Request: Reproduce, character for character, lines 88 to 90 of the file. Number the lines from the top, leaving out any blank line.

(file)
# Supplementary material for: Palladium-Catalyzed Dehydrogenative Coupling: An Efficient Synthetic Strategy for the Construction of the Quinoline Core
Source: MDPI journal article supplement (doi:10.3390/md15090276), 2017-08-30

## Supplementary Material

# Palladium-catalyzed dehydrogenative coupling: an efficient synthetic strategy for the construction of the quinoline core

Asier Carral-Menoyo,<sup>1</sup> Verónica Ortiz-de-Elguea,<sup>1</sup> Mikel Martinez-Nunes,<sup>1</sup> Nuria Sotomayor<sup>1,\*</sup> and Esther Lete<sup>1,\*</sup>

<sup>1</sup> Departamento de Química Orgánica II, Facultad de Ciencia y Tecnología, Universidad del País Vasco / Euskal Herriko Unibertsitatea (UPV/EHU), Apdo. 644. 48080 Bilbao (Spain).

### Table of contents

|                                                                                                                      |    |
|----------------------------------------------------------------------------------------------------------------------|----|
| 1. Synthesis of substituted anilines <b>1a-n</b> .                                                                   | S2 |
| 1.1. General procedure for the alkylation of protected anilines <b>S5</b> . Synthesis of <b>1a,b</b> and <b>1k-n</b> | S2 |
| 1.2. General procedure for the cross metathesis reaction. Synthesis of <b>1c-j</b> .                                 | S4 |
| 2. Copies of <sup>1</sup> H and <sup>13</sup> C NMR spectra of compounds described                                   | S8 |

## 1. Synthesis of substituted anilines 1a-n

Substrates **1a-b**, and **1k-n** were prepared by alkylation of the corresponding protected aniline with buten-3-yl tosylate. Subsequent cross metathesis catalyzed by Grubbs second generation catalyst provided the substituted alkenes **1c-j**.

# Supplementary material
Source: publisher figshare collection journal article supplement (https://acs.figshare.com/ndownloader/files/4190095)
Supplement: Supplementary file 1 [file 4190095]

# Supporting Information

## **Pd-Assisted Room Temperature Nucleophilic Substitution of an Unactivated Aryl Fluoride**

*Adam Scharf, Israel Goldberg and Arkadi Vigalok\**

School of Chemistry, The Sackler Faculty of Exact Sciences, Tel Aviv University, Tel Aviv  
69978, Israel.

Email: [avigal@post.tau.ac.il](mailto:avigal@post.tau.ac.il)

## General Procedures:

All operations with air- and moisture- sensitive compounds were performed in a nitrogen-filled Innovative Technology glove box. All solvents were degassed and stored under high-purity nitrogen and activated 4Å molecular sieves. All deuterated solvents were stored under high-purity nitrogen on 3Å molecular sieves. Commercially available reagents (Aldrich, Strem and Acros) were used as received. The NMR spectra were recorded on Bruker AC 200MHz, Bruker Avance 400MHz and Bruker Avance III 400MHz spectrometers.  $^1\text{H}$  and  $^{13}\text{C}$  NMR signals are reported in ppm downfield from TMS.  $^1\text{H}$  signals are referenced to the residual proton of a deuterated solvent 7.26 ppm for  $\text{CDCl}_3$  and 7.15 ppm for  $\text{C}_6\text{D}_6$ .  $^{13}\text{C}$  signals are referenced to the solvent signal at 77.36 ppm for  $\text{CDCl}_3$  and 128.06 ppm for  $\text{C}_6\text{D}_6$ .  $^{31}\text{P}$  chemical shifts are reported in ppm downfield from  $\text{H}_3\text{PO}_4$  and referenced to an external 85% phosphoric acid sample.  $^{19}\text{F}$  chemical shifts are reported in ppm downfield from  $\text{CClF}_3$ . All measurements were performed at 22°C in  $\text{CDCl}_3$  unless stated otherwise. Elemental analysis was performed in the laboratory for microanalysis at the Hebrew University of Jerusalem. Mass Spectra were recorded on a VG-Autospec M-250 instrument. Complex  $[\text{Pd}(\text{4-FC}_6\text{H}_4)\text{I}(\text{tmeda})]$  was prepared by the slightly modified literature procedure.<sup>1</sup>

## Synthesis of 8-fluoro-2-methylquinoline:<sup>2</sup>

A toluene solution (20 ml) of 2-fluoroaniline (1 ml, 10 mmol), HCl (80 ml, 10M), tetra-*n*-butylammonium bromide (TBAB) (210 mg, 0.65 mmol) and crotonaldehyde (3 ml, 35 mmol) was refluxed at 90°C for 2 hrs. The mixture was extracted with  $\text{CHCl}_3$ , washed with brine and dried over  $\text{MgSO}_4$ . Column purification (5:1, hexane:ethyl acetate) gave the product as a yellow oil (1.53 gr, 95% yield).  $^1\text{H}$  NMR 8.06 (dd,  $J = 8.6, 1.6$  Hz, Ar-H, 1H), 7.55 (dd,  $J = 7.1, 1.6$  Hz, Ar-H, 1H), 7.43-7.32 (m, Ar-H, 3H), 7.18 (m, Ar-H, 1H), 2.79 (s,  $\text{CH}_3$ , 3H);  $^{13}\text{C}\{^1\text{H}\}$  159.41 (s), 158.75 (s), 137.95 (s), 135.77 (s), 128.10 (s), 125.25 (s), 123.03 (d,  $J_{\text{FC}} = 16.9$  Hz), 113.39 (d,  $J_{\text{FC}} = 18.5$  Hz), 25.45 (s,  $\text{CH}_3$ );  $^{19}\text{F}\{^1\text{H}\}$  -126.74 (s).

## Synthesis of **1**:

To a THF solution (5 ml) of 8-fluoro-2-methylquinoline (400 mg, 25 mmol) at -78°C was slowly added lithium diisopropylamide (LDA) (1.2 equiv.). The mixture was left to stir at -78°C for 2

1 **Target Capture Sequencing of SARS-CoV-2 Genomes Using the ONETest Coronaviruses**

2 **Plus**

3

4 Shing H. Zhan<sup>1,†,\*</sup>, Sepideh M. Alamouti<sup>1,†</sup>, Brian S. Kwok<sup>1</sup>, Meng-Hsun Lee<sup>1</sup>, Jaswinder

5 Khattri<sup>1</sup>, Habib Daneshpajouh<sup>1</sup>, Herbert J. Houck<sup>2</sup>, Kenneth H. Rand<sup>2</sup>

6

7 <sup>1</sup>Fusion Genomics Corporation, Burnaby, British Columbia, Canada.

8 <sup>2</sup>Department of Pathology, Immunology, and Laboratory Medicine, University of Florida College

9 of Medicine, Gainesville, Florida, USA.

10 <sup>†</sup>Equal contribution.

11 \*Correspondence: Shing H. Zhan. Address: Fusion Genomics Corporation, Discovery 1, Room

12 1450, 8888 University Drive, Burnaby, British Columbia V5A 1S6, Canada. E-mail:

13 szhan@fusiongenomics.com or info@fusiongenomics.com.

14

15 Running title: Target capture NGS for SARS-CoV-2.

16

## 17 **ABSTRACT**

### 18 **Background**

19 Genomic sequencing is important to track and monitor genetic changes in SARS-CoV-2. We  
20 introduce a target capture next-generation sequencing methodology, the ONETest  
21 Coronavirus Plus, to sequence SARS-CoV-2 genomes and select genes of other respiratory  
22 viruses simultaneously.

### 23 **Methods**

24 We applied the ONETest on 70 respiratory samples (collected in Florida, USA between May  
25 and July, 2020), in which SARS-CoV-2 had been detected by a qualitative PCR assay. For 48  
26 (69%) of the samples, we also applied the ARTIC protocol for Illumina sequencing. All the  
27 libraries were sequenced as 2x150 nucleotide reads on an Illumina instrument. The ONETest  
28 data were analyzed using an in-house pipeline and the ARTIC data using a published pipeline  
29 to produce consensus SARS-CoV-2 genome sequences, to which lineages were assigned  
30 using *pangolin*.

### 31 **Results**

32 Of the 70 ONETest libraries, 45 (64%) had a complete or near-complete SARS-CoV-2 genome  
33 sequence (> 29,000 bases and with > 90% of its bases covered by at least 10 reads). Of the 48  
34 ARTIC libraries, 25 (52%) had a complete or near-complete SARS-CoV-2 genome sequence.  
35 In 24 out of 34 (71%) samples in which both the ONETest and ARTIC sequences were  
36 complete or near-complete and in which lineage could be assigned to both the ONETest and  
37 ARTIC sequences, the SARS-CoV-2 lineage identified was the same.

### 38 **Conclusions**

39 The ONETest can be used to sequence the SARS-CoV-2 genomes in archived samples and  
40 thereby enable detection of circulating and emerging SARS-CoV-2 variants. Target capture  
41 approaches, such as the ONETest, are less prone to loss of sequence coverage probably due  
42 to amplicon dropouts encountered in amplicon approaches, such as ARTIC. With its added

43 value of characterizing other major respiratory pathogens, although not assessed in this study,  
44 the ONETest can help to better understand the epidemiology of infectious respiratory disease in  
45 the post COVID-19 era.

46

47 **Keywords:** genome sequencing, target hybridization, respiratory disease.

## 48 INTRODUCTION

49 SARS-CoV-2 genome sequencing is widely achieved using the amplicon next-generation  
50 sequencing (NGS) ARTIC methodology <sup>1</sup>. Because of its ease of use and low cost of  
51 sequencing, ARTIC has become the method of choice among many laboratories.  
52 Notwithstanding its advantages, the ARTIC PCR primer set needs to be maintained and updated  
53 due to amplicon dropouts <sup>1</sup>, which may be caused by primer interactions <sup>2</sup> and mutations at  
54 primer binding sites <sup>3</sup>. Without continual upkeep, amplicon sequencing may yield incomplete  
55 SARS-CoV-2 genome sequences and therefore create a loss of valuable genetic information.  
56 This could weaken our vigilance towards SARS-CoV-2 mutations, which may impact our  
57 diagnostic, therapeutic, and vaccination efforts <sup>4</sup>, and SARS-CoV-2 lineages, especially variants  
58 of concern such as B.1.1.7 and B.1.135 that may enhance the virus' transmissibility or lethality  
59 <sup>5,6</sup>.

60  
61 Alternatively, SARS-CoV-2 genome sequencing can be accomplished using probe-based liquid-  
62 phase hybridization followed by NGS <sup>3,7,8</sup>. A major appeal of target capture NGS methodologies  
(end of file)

58 of concern such as B.1.1.7 and B.1.135 that may enhance the virus' transmissibility or lethality  
59 <sup>5,6</sup>.

60  